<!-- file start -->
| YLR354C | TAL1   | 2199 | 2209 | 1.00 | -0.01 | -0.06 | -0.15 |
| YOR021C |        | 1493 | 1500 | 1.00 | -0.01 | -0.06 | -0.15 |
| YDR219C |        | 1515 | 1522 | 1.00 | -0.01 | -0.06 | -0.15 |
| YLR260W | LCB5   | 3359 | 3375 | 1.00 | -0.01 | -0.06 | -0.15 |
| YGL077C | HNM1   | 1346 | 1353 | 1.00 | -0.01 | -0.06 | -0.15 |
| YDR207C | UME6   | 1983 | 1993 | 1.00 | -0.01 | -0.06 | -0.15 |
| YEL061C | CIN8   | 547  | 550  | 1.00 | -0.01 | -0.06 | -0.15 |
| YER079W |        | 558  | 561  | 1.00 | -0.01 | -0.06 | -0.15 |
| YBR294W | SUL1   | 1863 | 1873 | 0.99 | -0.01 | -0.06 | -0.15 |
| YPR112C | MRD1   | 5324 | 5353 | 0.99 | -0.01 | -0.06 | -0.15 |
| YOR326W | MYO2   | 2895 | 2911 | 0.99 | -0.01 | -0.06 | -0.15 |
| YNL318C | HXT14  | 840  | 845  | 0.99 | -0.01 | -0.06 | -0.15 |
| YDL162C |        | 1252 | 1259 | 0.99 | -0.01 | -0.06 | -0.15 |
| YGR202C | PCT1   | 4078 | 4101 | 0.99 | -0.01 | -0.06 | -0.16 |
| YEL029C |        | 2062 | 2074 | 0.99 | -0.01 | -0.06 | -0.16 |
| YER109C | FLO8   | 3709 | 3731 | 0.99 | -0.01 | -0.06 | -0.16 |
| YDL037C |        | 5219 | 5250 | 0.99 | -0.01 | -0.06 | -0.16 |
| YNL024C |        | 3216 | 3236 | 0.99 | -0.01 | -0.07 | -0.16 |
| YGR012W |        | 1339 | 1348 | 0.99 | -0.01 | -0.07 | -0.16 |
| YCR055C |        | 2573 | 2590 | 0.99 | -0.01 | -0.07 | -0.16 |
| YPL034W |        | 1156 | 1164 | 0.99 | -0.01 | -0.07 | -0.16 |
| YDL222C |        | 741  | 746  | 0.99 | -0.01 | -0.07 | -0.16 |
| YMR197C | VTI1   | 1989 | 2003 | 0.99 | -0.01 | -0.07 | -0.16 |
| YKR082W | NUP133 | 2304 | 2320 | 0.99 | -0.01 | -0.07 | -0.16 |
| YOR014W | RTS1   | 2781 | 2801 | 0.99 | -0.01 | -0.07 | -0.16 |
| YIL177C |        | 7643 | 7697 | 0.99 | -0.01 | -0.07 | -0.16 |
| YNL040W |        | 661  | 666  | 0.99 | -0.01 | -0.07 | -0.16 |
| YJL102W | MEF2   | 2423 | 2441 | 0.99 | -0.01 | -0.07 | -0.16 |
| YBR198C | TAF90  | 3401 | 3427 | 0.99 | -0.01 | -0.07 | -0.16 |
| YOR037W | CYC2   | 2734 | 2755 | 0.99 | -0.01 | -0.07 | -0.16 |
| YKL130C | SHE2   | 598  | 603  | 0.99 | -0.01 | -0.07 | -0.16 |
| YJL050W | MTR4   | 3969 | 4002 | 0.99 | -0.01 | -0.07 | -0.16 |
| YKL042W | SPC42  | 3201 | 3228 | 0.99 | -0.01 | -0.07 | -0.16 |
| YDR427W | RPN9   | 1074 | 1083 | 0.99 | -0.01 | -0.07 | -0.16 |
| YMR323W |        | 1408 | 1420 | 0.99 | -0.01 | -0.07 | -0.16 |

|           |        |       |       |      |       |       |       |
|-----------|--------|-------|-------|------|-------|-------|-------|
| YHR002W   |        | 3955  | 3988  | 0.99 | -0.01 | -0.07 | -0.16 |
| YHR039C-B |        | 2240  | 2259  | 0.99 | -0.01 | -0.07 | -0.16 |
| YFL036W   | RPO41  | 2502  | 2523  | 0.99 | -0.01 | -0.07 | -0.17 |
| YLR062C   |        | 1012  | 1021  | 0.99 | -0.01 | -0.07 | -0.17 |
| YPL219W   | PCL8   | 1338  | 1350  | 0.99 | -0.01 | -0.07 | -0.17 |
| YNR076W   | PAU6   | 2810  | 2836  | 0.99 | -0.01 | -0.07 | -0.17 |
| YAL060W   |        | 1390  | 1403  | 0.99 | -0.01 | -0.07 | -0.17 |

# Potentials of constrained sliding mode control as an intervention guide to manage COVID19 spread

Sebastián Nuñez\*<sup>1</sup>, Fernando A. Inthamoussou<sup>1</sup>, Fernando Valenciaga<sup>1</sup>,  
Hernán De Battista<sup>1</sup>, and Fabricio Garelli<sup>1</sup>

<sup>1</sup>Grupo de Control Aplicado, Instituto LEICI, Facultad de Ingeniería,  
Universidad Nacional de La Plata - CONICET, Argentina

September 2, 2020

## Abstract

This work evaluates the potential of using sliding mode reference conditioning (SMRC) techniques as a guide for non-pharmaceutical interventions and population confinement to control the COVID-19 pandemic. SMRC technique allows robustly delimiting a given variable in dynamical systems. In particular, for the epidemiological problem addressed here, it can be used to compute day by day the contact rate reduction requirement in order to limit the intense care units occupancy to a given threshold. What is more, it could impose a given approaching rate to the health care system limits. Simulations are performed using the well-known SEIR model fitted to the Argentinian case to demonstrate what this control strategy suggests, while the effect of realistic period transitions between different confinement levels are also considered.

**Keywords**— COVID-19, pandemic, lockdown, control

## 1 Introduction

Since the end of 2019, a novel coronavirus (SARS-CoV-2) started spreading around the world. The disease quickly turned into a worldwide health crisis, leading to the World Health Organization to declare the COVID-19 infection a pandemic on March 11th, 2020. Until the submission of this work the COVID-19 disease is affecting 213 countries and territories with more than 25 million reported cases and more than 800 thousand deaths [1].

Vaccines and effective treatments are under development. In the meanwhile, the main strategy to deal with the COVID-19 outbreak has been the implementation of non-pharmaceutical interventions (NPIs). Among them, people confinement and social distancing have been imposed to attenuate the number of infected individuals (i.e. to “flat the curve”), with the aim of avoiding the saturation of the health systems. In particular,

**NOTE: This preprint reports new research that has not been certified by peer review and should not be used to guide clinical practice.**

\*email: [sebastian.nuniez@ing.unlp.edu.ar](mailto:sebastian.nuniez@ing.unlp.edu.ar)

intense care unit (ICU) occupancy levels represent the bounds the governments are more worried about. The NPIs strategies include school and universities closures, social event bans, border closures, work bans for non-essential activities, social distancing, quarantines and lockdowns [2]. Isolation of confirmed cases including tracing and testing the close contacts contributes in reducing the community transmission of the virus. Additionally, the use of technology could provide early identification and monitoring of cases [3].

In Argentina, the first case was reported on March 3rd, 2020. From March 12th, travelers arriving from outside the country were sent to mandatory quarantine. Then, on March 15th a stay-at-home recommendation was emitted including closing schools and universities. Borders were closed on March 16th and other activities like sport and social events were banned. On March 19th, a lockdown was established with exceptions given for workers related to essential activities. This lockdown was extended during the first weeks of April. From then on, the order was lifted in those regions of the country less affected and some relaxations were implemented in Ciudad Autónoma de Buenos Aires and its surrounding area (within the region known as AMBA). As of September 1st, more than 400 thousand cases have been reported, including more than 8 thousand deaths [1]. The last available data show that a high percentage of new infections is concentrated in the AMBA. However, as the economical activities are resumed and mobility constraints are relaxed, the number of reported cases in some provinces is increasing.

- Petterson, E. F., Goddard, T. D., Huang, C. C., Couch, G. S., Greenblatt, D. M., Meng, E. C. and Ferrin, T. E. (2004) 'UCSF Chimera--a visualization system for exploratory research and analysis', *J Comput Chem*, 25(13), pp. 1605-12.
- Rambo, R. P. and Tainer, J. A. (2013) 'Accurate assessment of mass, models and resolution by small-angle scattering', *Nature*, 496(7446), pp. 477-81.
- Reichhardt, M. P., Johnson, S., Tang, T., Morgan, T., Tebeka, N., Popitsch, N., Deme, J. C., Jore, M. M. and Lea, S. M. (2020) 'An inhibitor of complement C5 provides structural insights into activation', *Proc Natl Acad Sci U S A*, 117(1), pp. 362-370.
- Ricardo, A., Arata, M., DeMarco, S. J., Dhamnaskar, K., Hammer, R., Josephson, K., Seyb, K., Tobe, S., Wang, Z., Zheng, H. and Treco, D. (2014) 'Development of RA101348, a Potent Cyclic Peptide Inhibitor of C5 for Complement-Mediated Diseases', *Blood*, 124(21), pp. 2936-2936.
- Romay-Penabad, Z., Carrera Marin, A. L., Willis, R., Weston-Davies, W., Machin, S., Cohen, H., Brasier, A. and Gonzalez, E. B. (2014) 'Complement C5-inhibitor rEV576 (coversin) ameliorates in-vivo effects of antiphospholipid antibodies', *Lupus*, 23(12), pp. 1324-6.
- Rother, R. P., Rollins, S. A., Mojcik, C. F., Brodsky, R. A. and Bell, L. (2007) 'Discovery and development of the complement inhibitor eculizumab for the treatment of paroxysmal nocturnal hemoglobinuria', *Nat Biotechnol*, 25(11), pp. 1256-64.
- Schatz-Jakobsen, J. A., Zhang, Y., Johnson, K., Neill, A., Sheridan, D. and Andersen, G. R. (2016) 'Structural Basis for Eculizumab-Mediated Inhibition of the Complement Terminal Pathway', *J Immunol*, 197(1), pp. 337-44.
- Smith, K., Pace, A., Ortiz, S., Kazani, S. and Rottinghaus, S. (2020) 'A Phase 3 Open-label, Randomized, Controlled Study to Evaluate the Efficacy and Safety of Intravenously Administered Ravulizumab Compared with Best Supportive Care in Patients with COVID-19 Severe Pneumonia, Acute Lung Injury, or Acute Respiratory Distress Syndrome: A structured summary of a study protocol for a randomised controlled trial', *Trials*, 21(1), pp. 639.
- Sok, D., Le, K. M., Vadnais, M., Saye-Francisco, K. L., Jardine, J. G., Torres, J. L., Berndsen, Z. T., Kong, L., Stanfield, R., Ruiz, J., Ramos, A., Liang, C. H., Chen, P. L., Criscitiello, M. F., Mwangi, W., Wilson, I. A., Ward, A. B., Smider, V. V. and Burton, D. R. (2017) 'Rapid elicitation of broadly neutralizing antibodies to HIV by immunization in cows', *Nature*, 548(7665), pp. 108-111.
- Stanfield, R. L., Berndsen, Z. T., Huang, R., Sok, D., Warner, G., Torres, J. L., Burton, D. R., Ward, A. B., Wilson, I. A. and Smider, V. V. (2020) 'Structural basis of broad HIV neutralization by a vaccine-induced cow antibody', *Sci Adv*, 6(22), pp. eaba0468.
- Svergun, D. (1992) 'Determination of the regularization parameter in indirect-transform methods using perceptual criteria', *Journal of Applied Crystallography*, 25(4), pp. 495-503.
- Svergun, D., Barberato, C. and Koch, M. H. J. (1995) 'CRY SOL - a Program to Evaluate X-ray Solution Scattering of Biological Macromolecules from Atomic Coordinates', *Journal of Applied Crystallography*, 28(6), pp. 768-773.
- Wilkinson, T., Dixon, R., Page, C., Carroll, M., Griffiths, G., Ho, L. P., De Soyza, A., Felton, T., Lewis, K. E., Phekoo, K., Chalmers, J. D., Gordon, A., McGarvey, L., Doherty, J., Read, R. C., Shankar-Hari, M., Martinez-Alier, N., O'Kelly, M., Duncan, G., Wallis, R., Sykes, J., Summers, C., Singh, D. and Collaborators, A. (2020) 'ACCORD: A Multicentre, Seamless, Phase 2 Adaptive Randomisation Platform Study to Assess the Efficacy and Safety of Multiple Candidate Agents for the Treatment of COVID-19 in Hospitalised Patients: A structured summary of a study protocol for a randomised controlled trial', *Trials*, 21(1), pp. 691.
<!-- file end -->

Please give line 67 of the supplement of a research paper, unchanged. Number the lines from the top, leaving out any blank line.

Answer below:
- Schatz-Jakobsen, J. A., Zhang, Y., Johnson, K., Neill, A., Sheridan, D. and Andersen, G. R. (2016) 'Structural Basis for Eculizumab-Mediated Inhibition of the Complement Terminal Pathway', *J Immunol*, 197(1), pp. 337-44.